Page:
Toxic Shock Syndrome and Barrier Contraceptives

Amongst the many horror stories that are told about things that can go wrong when using certain contraceptives there are some that actually have a basis in reality. One particular subject that it is good to understand about is the connection between some contraceptives and toxic shock syndrome.

Some women may recall when tampons and toxic shock syndrome were in the news back in the late 1970s to early 1980s.

This problem was brought under control, but the fact is that toxic shock syndrome, referred to as TSS, still exists and although most often it is related to injuries or surgery where something goes wrong it can also be related to the use of both the diaphragm and the contraceptive sponge.

Causes of TSS

Toxic shock syndrome is caused by bacteria; either the Staphylococcus aureus or the Streptococcus pyogenes though this second one is much rarer. The problem is when these bacteria make toxins that affect the entire body causing the immune system to be unable to fight back.

In the United States fifty percent of all toxic shock cases have something to do with a woman who is having her period at the time. Some have to do with injuries that are not healing well, others with recent surgery and women who use the barrier methods of contraception. This is not something that passes between people. The bacteria begin to grow and then it produces these dangerous toxins.


The symptoms come on suddenly not unlike those of a really bad flu. The woman may suffer from chills, diarrhea, she may throw up, have muscles that feel achy or have a rash and fever. She may begin to feel lightheaded, suffer from headaches or have her breathing become difficult. A woman with these signs should see her health care provider immediately.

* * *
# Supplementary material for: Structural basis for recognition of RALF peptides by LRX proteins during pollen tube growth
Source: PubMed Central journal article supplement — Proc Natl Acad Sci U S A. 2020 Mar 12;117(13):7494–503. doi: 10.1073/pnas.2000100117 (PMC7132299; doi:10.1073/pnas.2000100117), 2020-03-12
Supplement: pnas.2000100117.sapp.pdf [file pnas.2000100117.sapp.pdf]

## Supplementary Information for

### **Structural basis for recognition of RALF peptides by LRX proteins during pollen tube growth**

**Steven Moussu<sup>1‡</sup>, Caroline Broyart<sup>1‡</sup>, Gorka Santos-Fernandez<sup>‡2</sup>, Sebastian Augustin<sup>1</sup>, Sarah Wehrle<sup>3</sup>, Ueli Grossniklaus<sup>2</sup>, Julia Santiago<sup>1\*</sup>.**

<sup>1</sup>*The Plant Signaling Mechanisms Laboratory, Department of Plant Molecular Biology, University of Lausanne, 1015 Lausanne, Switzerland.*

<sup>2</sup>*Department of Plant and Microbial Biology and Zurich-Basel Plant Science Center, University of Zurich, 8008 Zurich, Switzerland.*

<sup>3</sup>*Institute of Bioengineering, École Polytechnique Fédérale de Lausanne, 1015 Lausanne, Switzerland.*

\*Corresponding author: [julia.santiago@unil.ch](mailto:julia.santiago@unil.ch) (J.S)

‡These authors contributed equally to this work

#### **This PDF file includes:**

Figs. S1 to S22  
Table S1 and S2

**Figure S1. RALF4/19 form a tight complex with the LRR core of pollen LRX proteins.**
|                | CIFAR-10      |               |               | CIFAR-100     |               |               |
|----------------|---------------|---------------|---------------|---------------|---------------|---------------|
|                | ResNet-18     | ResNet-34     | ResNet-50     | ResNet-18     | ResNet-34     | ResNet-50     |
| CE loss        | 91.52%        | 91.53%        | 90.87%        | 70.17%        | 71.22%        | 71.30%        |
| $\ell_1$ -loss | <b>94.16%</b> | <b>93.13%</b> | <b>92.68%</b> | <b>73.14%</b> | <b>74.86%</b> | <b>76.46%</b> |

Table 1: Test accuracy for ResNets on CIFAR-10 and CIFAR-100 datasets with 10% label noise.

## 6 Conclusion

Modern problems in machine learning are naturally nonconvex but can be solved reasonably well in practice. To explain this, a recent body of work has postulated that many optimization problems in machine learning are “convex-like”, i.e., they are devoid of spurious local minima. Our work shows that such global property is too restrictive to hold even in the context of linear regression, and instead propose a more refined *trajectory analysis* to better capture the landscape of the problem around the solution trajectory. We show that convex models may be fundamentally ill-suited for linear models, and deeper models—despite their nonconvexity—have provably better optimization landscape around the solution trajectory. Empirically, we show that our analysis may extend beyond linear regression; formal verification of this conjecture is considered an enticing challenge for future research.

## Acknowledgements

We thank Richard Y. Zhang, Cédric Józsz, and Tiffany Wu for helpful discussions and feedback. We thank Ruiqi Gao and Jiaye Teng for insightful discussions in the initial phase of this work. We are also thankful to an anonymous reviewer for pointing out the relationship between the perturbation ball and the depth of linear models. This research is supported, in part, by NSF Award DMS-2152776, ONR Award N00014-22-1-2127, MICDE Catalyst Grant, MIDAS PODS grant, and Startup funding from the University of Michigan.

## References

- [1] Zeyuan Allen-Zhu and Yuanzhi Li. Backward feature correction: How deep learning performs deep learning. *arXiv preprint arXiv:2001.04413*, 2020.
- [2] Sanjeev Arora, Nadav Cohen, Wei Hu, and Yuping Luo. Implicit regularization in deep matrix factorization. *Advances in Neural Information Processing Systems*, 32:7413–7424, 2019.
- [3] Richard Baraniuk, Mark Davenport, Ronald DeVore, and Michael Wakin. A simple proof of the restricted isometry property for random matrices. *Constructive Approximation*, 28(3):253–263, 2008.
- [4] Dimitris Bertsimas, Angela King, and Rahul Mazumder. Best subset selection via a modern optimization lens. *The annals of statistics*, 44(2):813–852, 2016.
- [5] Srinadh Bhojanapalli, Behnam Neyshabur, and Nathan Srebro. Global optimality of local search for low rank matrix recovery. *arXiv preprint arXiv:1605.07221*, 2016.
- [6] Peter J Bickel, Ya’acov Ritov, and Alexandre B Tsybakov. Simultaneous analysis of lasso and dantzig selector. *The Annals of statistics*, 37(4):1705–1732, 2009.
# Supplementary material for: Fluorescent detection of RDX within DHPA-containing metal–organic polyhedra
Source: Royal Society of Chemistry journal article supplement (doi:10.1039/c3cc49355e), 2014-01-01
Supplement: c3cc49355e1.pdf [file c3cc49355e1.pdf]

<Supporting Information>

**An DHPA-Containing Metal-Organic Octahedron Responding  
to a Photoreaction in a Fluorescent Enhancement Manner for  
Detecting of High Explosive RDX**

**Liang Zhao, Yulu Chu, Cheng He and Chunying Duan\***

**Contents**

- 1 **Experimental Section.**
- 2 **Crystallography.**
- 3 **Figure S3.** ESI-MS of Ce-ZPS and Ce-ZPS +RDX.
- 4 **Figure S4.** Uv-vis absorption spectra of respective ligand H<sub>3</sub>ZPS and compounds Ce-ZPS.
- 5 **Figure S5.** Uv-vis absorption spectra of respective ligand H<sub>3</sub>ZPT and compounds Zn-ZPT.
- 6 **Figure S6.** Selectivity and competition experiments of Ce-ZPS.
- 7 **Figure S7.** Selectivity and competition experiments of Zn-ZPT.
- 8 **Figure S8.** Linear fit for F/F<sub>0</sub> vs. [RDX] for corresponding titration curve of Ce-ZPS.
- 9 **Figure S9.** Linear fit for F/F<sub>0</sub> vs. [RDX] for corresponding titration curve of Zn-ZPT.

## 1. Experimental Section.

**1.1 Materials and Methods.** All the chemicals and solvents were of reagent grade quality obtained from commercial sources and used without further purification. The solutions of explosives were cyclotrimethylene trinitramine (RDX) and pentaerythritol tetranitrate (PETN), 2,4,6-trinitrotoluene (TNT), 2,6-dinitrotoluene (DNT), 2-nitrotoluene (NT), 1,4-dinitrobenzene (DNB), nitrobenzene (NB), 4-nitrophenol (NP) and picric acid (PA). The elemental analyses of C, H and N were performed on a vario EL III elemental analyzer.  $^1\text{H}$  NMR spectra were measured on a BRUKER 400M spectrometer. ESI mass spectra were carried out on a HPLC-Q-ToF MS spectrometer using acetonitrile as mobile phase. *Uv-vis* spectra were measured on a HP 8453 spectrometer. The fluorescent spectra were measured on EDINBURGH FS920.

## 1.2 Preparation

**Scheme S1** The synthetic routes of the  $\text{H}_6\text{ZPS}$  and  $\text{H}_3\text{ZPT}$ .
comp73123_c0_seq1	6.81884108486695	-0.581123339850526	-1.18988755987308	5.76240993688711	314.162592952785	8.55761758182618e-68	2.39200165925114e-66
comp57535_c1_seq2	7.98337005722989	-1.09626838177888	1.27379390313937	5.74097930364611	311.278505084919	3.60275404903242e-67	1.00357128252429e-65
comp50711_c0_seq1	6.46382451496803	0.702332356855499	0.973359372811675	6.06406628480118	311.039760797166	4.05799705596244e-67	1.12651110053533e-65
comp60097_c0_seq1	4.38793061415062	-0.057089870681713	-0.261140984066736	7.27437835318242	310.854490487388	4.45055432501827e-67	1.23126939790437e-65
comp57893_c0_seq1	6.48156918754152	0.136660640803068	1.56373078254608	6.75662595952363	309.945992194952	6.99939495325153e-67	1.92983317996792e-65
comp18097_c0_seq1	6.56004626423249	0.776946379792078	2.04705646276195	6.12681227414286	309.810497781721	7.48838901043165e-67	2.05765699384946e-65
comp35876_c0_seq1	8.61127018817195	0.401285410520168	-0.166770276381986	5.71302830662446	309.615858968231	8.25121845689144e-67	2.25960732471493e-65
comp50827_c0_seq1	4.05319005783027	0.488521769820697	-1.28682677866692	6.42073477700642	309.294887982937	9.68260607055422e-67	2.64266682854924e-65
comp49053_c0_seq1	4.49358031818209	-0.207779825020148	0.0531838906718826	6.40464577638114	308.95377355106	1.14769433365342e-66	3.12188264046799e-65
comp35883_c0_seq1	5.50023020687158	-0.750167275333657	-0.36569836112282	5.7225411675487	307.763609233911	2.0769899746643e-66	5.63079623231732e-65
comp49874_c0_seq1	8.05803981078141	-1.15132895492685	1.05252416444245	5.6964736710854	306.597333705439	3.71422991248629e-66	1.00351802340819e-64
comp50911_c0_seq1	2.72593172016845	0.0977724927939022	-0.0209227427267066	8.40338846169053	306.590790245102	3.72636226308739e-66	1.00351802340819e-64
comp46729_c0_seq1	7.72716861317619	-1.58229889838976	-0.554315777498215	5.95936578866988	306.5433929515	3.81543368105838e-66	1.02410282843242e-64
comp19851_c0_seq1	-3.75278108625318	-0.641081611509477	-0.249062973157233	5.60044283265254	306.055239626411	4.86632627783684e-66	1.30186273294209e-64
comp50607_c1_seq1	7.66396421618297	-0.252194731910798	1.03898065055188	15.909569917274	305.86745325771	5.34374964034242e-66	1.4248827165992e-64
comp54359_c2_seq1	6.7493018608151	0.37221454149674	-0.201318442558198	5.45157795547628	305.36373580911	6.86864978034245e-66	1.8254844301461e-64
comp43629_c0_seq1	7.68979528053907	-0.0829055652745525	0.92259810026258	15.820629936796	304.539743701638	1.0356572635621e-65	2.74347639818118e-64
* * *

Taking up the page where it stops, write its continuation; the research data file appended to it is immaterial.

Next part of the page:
Although tampons, contraceptive sponges and diaphragms are all tied to TSS, they do not cause it. They seem to be more of a conduit between the bacteria and a womans body. Some things that can help prevent this problem deal with how to treat the contraceptive barrier devices that get used.


A woman should not leave the diaphragm or contraceptive sponge in longer than twenty four hours. Many physicians suggest that twelve to eighteen hours should be the outer limit.

Make sure once it is taken out that it is washed thoroughly, dried and put back in to its little box. This ensures that it says clean, that nothing, including dust, can get on it before it is used again.

Be certain to wash your hands before you insert these contraceptive devices. Unwashed hands only serve to be a potential health hazard.

This is not to say that using barrier contraceptive devices are dangerous just that you must see to it that they are given the right care if you are going to use them.

This is all common sense. Keeping clean and free of dust and dirties logical. If a woman has few of the signs she must see to her physician immediately. In two percent of cases TSS can be fatal. Cleanliness will stop that from being you.